UK's Osborne faces rebellion over Brexit emergency budget

ASHFORD, England (Reuters) - Finance minister George Osborne said on Wednesday he would introduce an emergency budget if Britain voted to leave the European Union, but 57 of his own Conservative Party’s lawmakers said they would block his spending cuts and tax hikes.

Britain's Chancellor of the Exchequer George Osborne delivers a speech on the economic impact of the UK leaving the European Union, at a B&Q Store Support Office in Chandler's Ford, Britain, May 23, 2016. REUTERS/Daniel Leal Olivas/Pool

The escalation in the ruling party’s internal war over the EU raised the prospect of a government unable to operate normally in the event of a victory for “Leave” in a June 23 referendum on whether to stay in the bloc.

With opinion polls showing momentum swinging towards Leave, the chief executive of aerospace and engineering group Rolls-Royce wrote to British staff warning that a so-called Brexit could result in important investment decisions being postponed.

Osborne, who along with Prime Minister David Cameron is leading efforts to keep Britain in, said he would have to respond to a Leave vote with tax rises and spending cuts worth 30 billion pounds ($43 billion).

“There will be a big hole in the public finances and ... we would have to raise taxes and cut spending,” Osborne told reporters after giving a speech in Ashford, southeast England.

Measures could include a 2-point rise in the basic rate of income tax to 22 percent and increases in tax rates and duties on alcohol and petrol, while spending on health, education and defense could be cut by 2 percent.

The official Vote Leave campaign hit back with a statement signed by 57 Conservative lawmakers who said they would block the proposed measures in parliament.

“If the Chancellor is serious then we cannot possibly allow this to go ahead ... If he were to proceed with these proposals, the Chancellor’s position would become untenable,” they said.

The government currently has a working majority of 17 in the House of Commons. The opposition Labour Party, which has 229 lawmakers to the Conservatives’ 330, would oppose the emergency budget, its leader Jeremy Corbyn told the House.


Osborne said he would aim to introduce the emergency measures within two months of a Leave vote.

“The one thing worse than not passing a budget like that is dealing with an economic tailspin, or the complete loss of confidence in the ability of the country to manage its money,” he said, without spelling out how he would get the measures through parliament.

Some independent economists said Osborne’s promise of a tighter budget after an “Out” vote could make it harder for Britain’s economy to cope with its uncertain future.

“In the short run, tax increases or spending cuts would be entirely the wrong response to a Brexit shock,” Jonathan Portes, principal research fellow at the National Institute of Economic and Social Research, a think tank, said.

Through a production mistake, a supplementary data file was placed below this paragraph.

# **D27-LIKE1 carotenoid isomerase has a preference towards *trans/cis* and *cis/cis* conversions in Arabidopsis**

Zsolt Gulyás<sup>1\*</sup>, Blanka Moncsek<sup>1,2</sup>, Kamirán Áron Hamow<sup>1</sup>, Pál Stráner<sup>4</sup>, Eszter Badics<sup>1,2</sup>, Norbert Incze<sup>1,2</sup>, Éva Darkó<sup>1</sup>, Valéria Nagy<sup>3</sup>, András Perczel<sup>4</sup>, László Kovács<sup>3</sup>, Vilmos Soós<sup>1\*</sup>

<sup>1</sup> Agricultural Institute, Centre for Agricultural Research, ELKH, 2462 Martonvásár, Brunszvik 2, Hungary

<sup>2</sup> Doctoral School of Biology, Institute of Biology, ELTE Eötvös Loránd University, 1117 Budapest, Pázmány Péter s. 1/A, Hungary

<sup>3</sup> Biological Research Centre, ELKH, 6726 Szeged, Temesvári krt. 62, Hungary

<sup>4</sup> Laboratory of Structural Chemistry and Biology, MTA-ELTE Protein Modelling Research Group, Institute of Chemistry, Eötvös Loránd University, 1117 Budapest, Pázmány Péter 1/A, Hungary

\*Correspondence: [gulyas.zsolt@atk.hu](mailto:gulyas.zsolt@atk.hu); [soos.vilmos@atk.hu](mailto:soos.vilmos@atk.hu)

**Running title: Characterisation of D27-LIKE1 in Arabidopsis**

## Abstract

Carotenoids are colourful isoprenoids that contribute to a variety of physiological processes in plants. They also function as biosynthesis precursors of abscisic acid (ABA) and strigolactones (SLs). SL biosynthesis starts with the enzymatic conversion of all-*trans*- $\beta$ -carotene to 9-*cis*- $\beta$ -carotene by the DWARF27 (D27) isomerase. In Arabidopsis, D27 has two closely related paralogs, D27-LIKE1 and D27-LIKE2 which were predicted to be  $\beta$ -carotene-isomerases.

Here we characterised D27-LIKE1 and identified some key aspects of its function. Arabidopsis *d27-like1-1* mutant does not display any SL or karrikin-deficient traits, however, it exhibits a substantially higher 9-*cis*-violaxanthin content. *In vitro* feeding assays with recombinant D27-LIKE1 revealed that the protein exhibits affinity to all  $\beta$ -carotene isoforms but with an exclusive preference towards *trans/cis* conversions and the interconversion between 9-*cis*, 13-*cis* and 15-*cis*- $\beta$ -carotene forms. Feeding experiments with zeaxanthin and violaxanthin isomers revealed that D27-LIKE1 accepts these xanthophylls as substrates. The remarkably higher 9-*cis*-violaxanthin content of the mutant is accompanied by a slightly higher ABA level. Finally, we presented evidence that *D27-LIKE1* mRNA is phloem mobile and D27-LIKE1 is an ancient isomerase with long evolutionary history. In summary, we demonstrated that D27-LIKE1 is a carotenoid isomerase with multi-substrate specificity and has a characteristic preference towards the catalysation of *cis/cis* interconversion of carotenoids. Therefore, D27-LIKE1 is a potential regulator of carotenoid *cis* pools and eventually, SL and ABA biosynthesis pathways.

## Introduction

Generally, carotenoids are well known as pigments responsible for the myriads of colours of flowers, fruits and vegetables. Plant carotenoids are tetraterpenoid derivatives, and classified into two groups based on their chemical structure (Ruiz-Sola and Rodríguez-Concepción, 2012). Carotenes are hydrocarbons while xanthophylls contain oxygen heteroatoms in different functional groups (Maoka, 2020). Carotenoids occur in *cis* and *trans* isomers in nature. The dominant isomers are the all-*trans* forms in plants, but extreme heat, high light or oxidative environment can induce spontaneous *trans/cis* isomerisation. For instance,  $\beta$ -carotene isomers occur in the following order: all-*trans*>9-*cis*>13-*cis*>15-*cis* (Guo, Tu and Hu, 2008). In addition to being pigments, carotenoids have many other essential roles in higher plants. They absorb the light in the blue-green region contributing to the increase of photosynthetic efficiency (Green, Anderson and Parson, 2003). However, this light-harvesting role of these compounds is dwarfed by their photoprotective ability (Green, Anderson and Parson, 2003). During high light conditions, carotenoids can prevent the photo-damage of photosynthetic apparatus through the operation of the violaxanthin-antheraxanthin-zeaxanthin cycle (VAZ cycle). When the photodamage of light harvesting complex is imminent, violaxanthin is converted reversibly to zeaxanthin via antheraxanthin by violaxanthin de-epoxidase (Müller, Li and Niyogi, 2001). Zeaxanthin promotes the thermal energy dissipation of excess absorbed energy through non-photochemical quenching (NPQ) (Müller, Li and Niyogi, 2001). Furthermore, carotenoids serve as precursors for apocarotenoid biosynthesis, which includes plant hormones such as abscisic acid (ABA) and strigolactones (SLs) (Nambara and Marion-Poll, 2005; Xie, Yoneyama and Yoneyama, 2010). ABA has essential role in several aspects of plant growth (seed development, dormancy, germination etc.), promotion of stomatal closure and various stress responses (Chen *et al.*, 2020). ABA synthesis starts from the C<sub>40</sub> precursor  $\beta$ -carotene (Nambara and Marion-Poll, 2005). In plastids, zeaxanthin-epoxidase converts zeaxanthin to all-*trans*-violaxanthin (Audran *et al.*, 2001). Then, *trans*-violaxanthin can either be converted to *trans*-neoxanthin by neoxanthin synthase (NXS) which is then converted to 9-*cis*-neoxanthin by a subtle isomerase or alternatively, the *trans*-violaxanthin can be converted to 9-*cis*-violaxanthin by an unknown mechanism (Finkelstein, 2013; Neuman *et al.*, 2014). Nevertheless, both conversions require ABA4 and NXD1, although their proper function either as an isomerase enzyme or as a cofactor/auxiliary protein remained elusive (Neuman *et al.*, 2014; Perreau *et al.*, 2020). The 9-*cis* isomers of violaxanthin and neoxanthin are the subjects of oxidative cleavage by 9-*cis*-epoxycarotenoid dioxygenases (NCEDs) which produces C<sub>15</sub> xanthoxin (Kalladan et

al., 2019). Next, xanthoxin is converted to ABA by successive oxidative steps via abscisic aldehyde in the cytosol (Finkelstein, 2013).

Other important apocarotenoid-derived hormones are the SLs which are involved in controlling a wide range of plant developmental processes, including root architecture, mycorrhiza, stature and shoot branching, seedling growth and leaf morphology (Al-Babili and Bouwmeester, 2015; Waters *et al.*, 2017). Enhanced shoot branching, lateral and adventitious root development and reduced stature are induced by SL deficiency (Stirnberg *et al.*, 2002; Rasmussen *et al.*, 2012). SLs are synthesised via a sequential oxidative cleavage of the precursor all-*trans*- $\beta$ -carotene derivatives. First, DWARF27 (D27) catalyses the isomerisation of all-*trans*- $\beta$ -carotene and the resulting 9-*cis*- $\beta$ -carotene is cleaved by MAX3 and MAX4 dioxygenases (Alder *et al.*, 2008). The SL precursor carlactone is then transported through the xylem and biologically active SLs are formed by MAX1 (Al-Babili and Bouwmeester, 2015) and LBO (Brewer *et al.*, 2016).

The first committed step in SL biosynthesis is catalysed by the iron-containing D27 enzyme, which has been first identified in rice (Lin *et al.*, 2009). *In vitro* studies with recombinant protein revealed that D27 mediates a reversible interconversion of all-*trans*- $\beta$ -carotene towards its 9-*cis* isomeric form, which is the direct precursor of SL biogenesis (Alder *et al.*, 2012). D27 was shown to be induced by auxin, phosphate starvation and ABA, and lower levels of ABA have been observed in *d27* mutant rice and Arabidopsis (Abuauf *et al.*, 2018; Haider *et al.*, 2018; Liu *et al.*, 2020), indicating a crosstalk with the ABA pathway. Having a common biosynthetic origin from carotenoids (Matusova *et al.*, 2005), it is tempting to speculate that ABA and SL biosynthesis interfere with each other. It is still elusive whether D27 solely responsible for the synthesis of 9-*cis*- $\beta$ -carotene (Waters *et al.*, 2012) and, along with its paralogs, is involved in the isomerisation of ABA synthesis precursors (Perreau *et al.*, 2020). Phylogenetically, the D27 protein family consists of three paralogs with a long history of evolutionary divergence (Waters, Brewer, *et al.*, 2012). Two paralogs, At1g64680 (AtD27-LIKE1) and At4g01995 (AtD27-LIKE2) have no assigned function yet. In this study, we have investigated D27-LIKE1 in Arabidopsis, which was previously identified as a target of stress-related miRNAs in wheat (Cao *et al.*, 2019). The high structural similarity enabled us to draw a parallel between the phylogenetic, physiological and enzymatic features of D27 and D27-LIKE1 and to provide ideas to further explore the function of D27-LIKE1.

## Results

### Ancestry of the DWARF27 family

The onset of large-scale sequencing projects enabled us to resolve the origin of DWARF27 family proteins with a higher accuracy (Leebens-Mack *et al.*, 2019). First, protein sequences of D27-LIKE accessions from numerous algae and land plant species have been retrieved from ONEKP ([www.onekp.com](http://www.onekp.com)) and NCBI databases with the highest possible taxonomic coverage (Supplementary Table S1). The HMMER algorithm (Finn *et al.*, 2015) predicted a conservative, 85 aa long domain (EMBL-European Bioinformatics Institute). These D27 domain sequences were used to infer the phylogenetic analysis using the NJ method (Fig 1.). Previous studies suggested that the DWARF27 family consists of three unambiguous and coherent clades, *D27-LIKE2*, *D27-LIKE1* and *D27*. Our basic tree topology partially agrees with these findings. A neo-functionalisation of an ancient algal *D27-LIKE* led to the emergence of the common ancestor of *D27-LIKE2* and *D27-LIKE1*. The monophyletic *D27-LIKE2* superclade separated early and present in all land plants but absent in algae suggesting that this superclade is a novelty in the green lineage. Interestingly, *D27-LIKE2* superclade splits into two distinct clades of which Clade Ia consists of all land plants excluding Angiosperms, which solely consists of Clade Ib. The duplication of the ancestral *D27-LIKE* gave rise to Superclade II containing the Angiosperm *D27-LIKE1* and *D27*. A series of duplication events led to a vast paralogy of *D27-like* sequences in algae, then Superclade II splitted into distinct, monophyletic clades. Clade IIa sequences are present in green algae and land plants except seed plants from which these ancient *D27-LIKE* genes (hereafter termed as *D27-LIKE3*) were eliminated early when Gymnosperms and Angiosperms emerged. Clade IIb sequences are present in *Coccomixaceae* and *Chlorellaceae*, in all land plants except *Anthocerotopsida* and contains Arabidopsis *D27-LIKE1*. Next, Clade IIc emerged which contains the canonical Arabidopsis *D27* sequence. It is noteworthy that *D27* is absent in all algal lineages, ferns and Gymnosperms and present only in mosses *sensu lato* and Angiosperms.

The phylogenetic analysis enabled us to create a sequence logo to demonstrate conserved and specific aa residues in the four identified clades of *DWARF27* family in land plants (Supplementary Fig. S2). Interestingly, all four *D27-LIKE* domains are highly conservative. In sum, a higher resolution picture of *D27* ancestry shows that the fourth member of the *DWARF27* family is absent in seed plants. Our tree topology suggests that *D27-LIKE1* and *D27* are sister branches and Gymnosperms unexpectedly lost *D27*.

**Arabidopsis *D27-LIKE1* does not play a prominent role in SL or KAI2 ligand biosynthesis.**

An opinion poll published late on Tuesday showed the once double-digit lead of the “In” campaign had narrowed to just 1 percentage point. Other polls have shown the “Out” camp ahead, reducing the value of sterling and wiping billions of dollars off global stock markets.

Pollster BMG Research said a web page purporting to show a press release giving the results of its latest EU referendum polling was a hoax. Markets have been increasingly jittery in the run-up to the vote and sterling has reacted sharply to some opinion polls.

Housebuilder Berkeley reported a 20-percent drop in reservations of new homes in the first five months of the year, saying buyers were telling the company they were holding off until after the referendum.

“The economic uncertainty that the Leave campaign carelessly insist won’t be caused is already being seen,” Osborne said.

He gave his speech alongside his predecessor as finance minister, Labour’s Alistair Darling, who was in post during Britain’s descent into the financial crisis in 2008.

“I’m even more worried now, much more worried, than I was in 2008,” Darling said. “The Leave campaign has no idea, no plan whatsoever.”

The Vote Leave campaign rejected that assertion, publishing what it said was a post-Brexit roadmap. This called for informal talks with EU countries ahead of a formal negotiation for a new EU-Britain treaty and immediate legislation to make emergency provisions for the transition period.

Pro-Brexit cabinet minister Chris Grayling said that after a Leave vote the public would need to see immediate action.

“We will need a carefully managed negotiation process and some major legislative changes before 2020,” he said in a statement.

Additional reporting by William Schomberg, Andy Bruce, Kate Holton, David Milliken, Kylie Maclellan and Elizabeth Piper; Writing by Estelle Shirbon; Editing by Guy Faulconbridge and Andrew Heavens